William Kamkwamba '14 speaks to Dickey's Great Issue Scholars
This Tuesday, William Kamkwamba '14 sat down with the Dickey Center’s Great Issues Scholars to talk about his book — "The Boy Who Harnessed the Wind" — as well as retell his life story and discuss his beliefs and hopes for change in impoverished places, such as his home country of Malawi.
Courtesy Of Tom Rielly
At his talk with the Great Issues Scholars, William said that he is continuing to work on projects for the Masitala Village community, and he hopes to return to Malawi to continue implementing his work and bringing useful technology to the region.
Meaningful change occurs from the grassroots up, he said, explaining that Malawians already have great ideas about how best to solve their own problems. They merely need support and encouragement to develop their own practical solutions to the challenges they face.
William was 14 years old when a severe famine, which eventually killed over 10,000 Malawians, struck his home in Masitala Village in 2001. He had just graduated from the eighth grade and was beginning his studies at Kachokolo Secondary School, but due to the impact of the famine on the income from his family’s farm, he was forced to drop out.
Courtesy Of 5 News
However, he decided to take his education into his own hands with a makeshift library of donated books at his old primary school. His childhood fascination with radios and electrical mechanisms prompted him to peruse the science textbooks he found there time and again.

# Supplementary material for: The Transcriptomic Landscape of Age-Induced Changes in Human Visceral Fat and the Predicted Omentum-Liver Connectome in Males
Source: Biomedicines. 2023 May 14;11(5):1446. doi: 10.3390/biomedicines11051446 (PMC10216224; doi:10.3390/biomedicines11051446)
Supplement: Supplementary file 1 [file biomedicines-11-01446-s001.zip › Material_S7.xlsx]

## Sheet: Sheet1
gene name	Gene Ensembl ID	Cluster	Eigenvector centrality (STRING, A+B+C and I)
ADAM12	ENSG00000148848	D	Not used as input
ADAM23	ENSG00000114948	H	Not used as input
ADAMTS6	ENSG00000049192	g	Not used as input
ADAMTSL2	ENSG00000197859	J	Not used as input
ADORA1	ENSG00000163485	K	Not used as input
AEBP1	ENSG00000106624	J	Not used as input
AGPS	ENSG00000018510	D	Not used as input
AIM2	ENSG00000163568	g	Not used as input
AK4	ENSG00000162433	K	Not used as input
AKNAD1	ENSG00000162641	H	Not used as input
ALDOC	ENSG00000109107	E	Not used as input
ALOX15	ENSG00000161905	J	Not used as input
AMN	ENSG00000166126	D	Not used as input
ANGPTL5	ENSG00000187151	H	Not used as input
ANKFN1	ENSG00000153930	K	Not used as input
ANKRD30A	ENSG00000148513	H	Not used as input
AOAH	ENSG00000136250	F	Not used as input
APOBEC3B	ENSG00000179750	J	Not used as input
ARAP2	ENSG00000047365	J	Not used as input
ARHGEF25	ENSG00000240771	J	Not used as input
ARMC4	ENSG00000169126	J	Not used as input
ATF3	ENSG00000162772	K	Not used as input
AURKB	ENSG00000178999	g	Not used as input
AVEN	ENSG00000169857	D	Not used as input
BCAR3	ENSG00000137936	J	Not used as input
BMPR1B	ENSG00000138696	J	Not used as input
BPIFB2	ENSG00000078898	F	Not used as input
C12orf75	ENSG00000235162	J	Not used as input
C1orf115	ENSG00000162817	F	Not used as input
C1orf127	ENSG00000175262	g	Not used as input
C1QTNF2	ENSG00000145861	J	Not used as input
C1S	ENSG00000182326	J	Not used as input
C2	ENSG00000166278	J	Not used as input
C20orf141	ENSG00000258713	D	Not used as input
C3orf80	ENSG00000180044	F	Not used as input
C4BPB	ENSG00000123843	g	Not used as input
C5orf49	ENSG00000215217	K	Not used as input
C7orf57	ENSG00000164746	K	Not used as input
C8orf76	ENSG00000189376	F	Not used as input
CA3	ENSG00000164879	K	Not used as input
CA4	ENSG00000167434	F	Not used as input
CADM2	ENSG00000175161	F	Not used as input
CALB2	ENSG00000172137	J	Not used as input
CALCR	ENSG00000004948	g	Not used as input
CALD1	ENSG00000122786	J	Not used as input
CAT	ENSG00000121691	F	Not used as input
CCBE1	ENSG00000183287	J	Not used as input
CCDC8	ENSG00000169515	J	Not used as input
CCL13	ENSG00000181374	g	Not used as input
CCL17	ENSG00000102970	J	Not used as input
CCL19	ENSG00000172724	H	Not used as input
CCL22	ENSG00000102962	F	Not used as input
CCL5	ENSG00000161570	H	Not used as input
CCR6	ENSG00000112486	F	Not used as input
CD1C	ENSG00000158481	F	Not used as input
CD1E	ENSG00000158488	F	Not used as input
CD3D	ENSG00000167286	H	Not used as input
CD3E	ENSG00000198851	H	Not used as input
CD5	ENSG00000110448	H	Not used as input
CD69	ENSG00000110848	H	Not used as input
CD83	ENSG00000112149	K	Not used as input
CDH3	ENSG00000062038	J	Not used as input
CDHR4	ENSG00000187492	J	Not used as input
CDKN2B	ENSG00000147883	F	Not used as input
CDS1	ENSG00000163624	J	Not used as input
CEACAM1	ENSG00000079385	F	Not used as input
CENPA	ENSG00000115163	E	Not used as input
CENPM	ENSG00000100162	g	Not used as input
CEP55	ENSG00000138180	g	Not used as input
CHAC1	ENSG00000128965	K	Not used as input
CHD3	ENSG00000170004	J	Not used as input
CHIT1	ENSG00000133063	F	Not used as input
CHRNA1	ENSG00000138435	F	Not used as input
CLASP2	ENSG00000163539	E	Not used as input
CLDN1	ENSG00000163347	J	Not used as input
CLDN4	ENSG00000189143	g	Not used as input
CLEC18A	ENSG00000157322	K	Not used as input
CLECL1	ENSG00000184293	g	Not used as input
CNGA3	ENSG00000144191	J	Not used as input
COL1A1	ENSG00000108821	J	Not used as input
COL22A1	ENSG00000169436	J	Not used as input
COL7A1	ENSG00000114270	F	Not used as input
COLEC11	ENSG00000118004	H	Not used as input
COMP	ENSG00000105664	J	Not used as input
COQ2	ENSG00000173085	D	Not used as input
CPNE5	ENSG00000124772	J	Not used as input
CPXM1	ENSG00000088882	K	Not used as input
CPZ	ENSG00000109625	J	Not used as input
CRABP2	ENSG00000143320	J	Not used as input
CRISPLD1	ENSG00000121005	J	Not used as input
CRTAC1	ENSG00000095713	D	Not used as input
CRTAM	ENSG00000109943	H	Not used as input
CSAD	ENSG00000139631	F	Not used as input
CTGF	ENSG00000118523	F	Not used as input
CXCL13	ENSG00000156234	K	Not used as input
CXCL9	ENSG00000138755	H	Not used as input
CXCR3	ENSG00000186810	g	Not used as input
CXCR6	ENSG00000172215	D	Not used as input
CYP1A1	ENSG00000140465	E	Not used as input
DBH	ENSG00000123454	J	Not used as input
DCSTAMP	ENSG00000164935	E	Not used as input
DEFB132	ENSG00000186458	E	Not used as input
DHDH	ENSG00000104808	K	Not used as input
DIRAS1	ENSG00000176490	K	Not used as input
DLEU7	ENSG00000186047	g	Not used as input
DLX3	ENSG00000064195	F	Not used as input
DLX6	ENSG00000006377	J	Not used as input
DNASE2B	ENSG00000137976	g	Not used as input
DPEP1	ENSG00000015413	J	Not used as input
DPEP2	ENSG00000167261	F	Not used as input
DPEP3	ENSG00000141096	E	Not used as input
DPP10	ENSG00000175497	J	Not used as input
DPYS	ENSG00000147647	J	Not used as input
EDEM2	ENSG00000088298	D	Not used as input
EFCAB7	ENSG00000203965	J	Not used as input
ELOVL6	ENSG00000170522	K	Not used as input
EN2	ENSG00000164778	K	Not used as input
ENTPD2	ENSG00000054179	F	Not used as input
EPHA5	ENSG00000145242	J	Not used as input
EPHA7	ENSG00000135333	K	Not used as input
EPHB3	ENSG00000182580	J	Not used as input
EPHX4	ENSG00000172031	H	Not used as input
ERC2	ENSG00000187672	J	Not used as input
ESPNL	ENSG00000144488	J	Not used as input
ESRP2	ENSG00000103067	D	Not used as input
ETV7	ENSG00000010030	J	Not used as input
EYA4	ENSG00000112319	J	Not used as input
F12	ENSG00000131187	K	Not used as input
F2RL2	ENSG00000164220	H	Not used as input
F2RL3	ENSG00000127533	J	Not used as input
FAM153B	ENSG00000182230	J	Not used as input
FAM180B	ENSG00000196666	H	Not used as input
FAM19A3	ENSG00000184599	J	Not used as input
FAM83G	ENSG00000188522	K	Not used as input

Even though he spoke only rudimentary English, William used the diagrams to teach himself the principles of electromagnetism and electrical engineering. Inspired by the glossy windmills on the cover of an American textbook called "Using Energy," William conceived of the idea of a windmill that he could use to power his home and bring much needed water to his family’s farm.
Despite ridicule from his school friends and acquaintances around the town, William succeeded in constructing a windmill in his family’s yard using nothing but a broken bicycle and spare parts he found at an old junk yard in his village — a tractor fan blade, an old shock absorber, a car battery and more. The construction could power light bulbs, charge mobile phones and even eventually pump gray water for irrigation.
The windmill quickly drew attention, particularly that of doctor Hartford Mchazime, the deputy director of the Malawian Non-Government Organization, the NGO that funded the library where William studied. News of the invention traveled through a series of articles and blogs, eventually leading to an invitation for William to speak at the TEDGlobal conference in Tanzania.
Propelled by the response to his efforts, William returned to graduate high school, complete an autobiography with the help of journalist Bryan Mealer and finally apply to Dartmouth. He is currently majoring in environmental studies with a minor in engineering.
Later this week, Dial Books will release a young reader’s version of "The Boy Who Harnessed the Wind," coauthored again by Mealer and illustrated by Elizabeth Zunon. Zunon’s illustrations combine portraiture with abstract collage to capture the story’s mood and setting, drawing on Zunon’s childhood experience growing up on the Ivory Coast as well as on photos of Williams home and family, according to Publisher’s Weekly.